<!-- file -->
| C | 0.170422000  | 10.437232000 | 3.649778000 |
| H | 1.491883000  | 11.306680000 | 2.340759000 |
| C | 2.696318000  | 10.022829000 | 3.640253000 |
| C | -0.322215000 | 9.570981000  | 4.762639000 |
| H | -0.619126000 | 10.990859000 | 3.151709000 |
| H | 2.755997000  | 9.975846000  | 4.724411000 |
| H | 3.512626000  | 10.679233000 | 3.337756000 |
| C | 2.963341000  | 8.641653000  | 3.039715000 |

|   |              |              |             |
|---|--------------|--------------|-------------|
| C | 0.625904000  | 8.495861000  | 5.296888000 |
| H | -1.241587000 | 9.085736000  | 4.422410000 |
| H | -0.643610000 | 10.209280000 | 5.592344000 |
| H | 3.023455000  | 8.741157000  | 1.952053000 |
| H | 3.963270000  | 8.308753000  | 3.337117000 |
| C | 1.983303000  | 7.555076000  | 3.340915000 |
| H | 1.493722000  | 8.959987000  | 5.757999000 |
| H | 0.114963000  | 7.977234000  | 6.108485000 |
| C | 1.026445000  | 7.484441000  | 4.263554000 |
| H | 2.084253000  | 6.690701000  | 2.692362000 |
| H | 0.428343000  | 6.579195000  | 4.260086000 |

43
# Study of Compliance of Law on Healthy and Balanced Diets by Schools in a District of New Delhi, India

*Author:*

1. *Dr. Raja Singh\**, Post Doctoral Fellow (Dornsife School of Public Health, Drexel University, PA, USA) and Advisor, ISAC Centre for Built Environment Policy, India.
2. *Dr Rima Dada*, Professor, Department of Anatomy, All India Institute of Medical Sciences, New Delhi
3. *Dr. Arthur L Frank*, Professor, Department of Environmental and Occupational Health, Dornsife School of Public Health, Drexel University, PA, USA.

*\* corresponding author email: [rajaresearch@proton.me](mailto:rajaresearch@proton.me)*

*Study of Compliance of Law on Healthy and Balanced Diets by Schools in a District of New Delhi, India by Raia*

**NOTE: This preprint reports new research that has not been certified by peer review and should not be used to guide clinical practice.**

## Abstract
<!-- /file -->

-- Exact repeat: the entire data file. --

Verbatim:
| C | 0.170422000  | 10.437232000 | 3.649778000 |
| H | 1.491883000  | 11.306680000 | 2.340759000 |
| C | 2.696318000  | 10.022829000 | 3.640253000 |
| C | -0.322215000 | 9.570981000  | 4.762639000 |
| H | -0.619126000 | 10.990859000 | 3.151709000 |
| H | 2.755997000  | 9.975846000  | 4.724411000 |
| H | 3.512626000  | 10.679233000 | 3.337756000 |
| C | 2.963341000  | 8.641653000  | 3.039715000 |

|   |              |              |             |
|---|--------------|--------------|-------------|
| C | 0.625904000  | 8.495861000  | 5.296888000 |
| H | -1.241587000 | 9.085736000  | 4.422410000 |
| H | -0.643610000 | 10.209280000 | 5.592344000 |
| H | 3.023455000  | 8.741157000  | 1.952053000 |
| H | 3.963270000  | 8.308753000  | 3.337117000 |
| C | 1.983303000  | 7.555076000  | 3.340915000 |
| H | 1.493722000  | 8.959987000  | 5.757999000 |
| H | 0.114963000  | 7.977234000  | 6.108485000 |
| C | 1.026445000  | 7.484441000  | 4.263554000 |
| H | 2.084253000  | 6.690701000  | 2.692362000 |
| H | 0.428343000  | 6.579195000  | 4.260086000 |

43
# Study of Compliance of Law on Healthy and Balanced Diets by Schools in a District of New Delhi, India

*Author:*

1. *Dr. Raja Singh\**, Post Doctoral Fellow (Dornsife School of Public Health, Drexel University, PA, USA) and Advisor, ISAC Centre for Built Environment Policy, India.
2. *Dr Rima Dada*, Professor, Department of Anatomy, All India Institute of Medical Sciences, New Delhi
3. *Dr. Arthur L Frank*, Professor, Department of Environmental and Occupational Health, Dornsife School of Public Health, Drexel University, PA, USA.

*\* corresponding author email: [rajaresearch@proton.me](mailto:rajaresearch@proton.me)*

*Study of Compliance of Law on Healthy and Balanced Diets by Schools in a District of New Delhi, India by Raia*

**NOTE: This preprint reports new research that has not been certified by peer review and should not be used to guide clinical practice.**

## Abstract